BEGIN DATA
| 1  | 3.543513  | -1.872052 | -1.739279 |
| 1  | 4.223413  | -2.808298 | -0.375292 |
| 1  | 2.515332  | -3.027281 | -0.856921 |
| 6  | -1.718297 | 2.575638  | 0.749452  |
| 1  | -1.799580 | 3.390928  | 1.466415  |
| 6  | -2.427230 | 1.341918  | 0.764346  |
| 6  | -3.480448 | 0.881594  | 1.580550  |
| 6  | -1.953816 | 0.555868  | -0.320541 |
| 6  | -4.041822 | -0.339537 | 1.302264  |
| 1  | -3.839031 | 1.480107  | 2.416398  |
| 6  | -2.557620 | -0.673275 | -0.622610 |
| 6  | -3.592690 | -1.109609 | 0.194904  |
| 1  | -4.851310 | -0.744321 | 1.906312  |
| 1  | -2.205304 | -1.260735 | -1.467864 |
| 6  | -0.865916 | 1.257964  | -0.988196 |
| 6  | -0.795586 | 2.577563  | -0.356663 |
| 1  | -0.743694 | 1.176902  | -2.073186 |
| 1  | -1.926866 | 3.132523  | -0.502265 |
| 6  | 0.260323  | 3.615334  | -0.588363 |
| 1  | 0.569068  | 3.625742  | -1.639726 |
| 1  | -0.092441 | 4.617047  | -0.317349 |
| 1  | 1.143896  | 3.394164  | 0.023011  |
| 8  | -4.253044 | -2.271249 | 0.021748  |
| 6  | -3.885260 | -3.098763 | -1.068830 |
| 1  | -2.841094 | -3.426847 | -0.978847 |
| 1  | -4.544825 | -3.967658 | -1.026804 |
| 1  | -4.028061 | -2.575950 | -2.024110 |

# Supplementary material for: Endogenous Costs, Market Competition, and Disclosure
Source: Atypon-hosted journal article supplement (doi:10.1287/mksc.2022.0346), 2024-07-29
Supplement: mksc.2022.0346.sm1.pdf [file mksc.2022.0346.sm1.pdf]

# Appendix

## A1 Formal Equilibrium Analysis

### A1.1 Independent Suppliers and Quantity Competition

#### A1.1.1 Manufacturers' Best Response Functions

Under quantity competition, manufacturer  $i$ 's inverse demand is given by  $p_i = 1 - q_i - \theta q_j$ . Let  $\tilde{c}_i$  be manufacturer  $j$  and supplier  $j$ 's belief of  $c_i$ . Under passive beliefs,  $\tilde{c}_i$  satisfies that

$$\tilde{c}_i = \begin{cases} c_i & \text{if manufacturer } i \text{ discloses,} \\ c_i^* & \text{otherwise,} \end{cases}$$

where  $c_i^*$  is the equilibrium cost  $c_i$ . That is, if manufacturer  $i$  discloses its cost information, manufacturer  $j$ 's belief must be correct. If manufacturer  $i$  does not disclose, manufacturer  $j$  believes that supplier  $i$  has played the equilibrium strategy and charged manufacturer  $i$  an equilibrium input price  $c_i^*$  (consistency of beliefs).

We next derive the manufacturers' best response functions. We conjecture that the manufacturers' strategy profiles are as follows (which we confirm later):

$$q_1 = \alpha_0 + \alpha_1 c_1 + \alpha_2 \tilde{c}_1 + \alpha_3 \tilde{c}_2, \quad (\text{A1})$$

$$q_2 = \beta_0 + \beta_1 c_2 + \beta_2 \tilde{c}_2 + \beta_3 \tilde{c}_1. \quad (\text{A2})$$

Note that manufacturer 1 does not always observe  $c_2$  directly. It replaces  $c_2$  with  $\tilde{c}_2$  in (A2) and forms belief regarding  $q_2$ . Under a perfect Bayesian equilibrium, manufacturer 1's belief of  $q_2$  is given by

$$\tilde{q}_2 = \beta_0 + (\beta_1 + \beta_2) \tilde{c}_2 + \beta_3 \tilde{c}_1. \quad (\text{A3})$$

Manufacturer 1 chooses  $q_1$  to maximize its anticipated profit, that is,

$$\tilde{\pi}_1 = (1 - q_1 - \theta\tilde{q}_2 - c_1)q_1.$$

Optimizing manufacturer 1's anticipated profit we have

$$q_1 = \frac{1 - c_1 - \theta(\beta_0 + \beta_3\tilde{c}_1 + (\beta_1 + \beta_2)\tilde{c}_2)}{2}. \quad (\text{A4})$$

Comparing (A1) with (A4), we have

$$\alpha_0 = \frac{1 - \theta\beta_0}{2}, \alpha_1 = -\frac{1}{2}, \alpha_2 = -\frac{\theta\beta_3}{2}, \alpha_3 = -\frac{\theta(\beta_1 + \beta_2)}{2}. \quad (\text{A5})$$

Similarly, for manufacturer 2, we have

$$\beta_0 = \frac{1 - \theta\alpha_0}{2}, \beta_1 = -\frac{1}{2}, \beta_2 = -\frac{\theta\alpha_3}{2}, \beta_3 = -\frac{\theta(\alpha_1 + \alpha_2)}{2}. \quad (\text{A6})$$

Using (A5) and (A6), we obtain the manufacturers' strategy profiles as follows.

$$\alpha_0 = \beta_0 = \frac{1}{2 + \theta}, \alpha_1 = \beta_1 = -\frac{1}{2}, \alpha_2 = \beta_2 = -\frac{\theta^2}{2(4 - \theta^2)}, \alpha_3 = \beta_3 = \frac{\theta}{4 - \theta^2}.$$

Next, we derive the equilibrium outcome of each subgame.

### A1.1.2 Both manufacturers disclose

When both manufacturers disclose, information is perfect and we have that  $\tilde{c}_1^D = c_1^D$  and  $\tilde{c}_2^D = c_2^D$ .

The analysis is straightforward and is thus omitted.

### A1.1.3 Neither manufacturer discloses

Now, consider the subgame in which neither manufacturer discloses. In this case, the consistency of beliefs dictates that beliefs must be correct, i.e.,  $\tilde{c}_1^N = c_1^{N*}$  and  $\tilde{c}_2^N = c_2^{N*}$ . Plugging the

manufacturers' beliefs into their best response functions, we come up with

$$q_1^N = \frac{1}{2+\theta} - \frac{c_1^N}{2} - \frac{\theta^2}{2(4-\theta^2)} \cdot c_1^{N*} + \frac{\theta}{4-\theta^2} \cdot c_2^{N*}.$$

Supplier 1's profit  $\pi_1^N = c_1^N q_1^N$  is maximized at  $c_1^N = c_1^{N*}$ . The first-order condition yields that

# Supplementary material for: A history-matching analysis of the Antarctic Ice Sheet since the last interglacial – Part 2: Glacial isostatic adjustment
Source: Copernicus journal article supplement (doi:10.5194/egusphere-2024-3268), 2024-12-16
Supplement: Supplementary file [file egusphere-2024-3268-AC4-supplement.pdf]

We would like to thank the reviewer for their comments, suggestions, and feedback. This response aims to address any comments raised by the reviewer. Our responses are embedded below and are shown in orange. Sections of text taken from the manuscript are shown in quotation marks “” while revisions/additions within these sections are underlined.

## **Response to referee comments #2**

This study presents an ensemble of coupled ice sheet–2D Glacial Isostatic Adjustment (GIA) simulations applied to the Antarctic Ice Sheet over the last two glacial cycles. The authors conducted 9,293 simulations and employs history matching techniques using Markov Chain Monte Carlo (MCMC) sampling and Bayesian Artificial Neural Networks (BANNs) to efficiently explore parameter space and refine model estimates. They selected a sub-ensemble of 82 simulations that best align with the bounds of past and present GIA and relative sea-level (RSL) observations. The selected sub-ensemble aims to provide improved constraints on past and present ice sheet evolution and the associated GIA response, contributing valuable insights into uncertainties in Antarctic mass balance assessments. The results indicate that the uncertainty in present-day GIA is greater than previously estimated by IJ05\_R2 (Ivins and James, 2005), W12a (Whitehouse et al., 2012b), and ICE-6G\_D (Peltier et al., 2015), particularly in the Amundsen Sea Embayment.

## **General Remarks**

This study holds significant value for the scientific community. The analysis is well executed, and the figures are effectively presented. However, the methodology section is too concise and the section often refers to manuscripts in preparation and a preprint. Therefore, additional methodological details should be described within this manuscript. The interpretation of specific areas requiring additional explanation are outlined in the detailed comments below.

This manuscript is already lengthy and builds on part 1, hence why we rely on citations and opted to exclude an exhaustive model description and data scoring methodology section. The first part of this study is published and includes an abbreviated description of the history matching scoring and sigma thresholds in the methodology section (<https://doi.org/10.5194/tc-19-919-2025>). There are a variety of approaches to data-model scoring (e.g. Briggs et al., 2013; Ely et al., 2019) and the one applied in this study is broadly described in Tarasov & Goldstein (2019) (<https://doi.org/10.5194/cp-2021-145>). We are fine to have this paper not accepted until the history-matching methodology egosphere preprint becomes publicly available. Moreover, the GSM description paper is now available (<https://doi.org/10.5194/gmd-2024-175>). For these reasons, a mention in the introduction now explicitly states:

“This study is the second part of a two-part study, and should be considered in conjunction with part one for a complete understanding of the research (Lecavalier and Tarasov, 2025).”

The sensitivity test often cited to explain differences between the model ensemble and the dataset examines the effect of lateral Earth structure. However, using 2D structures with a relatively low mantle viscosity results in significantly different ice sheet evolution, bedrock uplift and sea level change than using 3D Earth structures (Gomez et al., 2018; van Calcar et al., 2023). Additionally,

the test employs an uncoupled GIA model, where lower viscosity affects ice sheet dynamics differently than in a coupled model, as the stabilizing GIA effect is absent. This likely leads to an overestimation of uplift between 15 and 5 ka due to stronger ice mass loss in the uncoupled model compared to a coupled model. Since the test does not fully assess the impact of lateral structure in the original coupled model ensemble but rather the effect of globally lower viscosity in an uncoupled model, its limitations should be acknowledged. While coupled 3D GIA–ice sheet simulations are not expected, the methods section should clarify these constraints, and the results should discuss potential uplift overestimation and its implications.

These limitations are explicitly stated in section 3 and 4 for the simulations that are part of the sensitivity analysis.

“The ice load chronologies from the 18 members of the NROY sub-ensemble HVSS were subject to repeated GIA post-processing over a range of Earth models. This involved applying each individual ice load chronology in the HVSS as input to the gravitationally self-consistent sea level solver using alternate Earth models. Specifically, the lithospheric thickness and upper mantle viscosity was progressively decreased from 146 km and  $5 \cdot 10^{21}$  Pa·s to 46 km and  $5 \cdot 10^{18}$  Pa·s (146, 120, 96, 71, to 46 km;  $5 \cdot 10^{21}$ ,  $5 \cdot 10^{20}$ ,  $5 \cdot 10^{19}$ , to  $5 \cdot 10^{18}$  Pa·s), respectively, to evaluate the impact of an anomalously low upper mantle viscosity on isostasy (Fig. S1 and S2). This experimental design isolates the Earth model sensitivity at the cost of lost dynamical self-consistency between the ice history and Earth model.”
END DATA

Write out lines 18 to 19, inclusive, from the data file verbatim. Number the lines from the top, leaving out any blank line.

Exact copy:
| 1  | -1.926866 | 3.132523  | -0.502265 |
| 6  | 0.260323  | 3.615334  | -0.588363 |